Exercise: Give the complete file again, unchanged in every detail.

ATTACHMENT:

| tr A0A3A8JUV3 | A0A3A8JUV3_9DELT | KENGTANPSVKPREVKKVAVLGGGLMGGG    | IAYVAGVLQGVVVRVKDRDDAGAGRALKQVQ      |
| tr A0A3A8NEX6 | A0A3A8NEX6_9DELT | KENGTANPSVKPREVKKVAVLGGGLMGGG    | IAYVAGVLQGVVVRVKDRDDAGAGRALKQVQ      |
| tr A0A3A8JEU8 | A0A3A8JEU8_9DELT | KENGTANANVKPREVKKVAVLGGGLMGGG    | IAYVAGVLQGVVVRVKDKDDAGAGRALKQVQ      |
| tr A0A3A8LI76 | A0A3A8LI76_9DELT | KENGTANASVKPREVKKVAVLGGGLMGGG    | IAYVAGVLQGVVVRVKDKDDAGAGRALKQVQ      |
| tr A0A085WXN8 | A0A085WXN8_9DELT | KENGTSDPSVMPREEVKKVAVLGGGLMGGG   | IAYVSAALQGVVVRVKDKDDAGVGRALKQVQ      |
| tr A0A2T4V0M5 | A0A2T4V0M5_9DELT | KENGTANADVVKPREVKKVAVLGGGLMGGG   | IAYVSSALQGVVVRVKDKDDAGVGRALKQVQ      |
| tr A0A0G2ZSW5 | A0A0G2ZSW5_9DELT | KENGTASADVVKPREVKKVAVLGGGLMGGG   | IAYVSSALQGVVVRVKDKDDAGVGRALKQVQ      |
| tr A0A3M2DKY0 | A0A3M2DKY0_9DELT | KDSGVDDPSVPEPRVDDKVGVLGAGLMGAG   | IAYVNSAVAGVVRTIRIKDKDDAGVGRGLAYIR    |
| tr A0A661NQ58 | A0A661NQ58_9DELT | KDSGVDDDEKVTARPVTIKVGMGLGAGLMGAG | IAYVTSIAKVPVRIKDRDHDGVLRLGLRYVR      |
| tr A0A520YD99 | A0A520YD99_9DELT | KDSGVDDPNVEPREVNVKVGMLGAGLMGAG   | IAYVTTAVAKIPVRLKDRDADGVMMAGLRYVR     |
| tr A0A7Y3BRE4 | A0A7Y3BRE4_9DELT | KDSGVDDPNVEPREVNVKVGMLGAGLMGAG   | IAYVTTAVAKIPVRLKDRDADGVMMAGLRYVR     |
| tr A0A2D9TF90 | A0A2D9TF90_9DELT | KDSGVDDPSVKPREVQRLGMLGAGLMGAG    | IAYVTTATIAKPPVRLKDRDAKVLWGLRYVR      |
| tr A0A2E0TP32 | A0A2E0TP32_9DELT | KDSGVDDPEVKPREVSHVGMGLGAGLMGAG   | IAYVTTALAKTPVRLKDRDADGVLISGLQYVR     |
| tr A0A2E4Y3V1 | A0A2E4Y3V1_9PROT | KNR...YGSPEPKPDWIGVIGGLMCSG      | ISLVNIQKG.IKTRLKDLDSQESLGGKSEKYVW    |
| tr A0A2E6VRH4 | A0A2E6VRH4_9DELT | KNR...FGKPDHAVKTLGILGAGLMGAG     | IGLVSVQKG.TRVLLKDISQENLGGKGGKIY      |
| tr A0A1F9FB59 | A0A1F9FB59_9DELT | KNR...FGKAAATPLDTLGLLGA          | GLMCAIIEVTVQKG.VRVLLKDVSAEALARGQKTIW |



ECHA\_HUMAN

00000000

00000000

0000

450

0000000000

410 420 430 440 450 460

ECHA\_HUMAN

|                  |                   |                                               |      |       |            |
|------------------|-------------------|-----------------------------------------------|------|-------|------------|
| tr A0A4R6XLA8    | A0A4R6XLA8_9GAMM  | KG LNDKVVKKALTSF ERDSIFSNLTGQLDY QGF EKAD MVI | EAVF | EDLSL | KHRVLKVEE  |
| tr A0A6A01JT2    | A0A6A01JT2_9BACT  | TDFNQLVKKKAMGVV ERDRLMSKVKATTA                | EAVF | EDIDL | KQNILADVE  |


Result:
| tr A0A3A8JUV3 | A0A3A8JUV3_9DELT | KENGTANPSVKPREVKKVAVLGGGLMGGG    | IAYVAGVLQGVVVRVKDRDDAGAGRALKQVQ      |
| tr A0A3A8NEX6 | A0A3A8NEX6_9DELT | KENGTANPSVKPREVKKVAVLGGGLMGGG    | IAYVAGVLQGVVVRVKDRDDAGAGRALKQVQ      |
| tr A0A3A8JEU8 | A0A3A8JEU8_9DELT | KENGTANANVKPREVKKVAVLGGGLMGGG    | IAYVAGVLQGVVVRVKDKDDAGAGRALKQVQ      |
| tr A0A3A8LI76 | A0A3A8LI76_9DELT | KENGTANASVKPREVKKVAVLGGGLMGGG    | IAYVAGVLQGVVVRVKDKDDAGAGRALKQVQ      |
| tr A0A085WXN8 | A0A085WXN8_9DELT | KENGTSDPSVMPREEVKKVAVLGGGLMGGG   | IAYVSAALQGVVVRVKDKDDAGVGRALKQVQ      |
| tr A0A2T4V0M5 | A0A2T4V0M5_9DELT | KENGTANADVVKPREVKKVAVLGGGLMGGG   | IAYVSSALQGVVVRVKDKDDAGVGRALKQVQ      |
| tr A0A0G2ZSW5 | A0A0G2ZSW5_9DELT | KENGTASADVVKPREVKKVAVLGGGLMGGG   | IAYVSSALQGVVVRVKDKDDAGVGRALKQVQ      |
| tr A0A3M2DKY0 | A0A3M2DKY0_9DELT | KDSGVDDPSVPEPRVDDKVGVLGAGLMGAG   | IAYVNSAVAGVVRTIRIKDKDDAGVGRGLAYIR    |
| tr A0A661NQ58 | A0A661NQ58_9DELT | KDSGVDDDEKVTARPVTIKVGMGLGAGLMGAG | IAYVTSIAKVPVRIKDRDHDGVLRLGLRYVR      |
| tr A0A520YD99 | A0A520YD99_9DELT | KDSGVDDPNVEPREVNVKVGMLGAGLMGAG   | IAYVTTAVAKIPVRLKDRDADGVMMAGLRYVR     |
| tr A0A7Y3BRE4 | A0A7Y3BRE4_9DELT | KDSGVDDPNVEPREVNVKVGMLGAGLMGAG   | IAYVTTAVAKIPVRLKDRDADGVMMAGLRYVR     |
| tr A0A2D9TF90 | A0A2D9TF90_9DELT | KDSGVDDPSVKPREVQRLGMLGAGLMGAG    | IAYVTTATIAKPPVRLKDRDAKVLWGLRYVR      |
| tr A0A2E0TP32 | A0A2E0TP32_9DELT | KDSGVDDPEVKPREVSHVGMGLGAGLMGAG   | IAYVTTALAKTPVRLKDRDADGVLISGLQYVR     |
| tr A0A2E4Y3V1 | A0A2E4Y3V1_9PROT | KNR...YGSPEPKPDWIGVIGGLMCSG      | ISLVNIQKG.IKTRLKDLDSQESLGGKSEKYVW    |
| tr A0A2E6VRH4 | A0A2E6VRH4_9DELT | KNR...FGKPDHAVKTLGILGAGLMGAG     | IGLVSVQKG.TRVLLKDISQENLGGKGGKIY      |
| tr A0A1F9FB59 | A0A1F9FB59_9DELT | KNR...FGKAAATPLDTLGLLGA          | GLMCAIIEVTVQKG.VRVLLKDVSAEALARGQKTIW |



ECHA\_HUMAN

00000000

00000000

0000

450

0000000000

410 420 430 440 450 460

ECHA\_HUMAN

|                  |                   |                                               |      |       |            |
|------------------|-------------------|-----------------------------------------------|------|-------|------------|
| tr A0A4R6XLA8    | A0A4R6XLA8_9GAMM  | KG LNDKVVKKALTSF ERDSIFSNLTGQLDY QGF EKAD MVI | EAVF | EDLSL | KHRVLKVEE  |
| tr A0A6A01JT2    | A0A6A01JT2_9BACT  | TDFNQLVKKKAMGVV ERDRLMSKVKATTA                | EAVF | EDIDL | KQNILADVE  |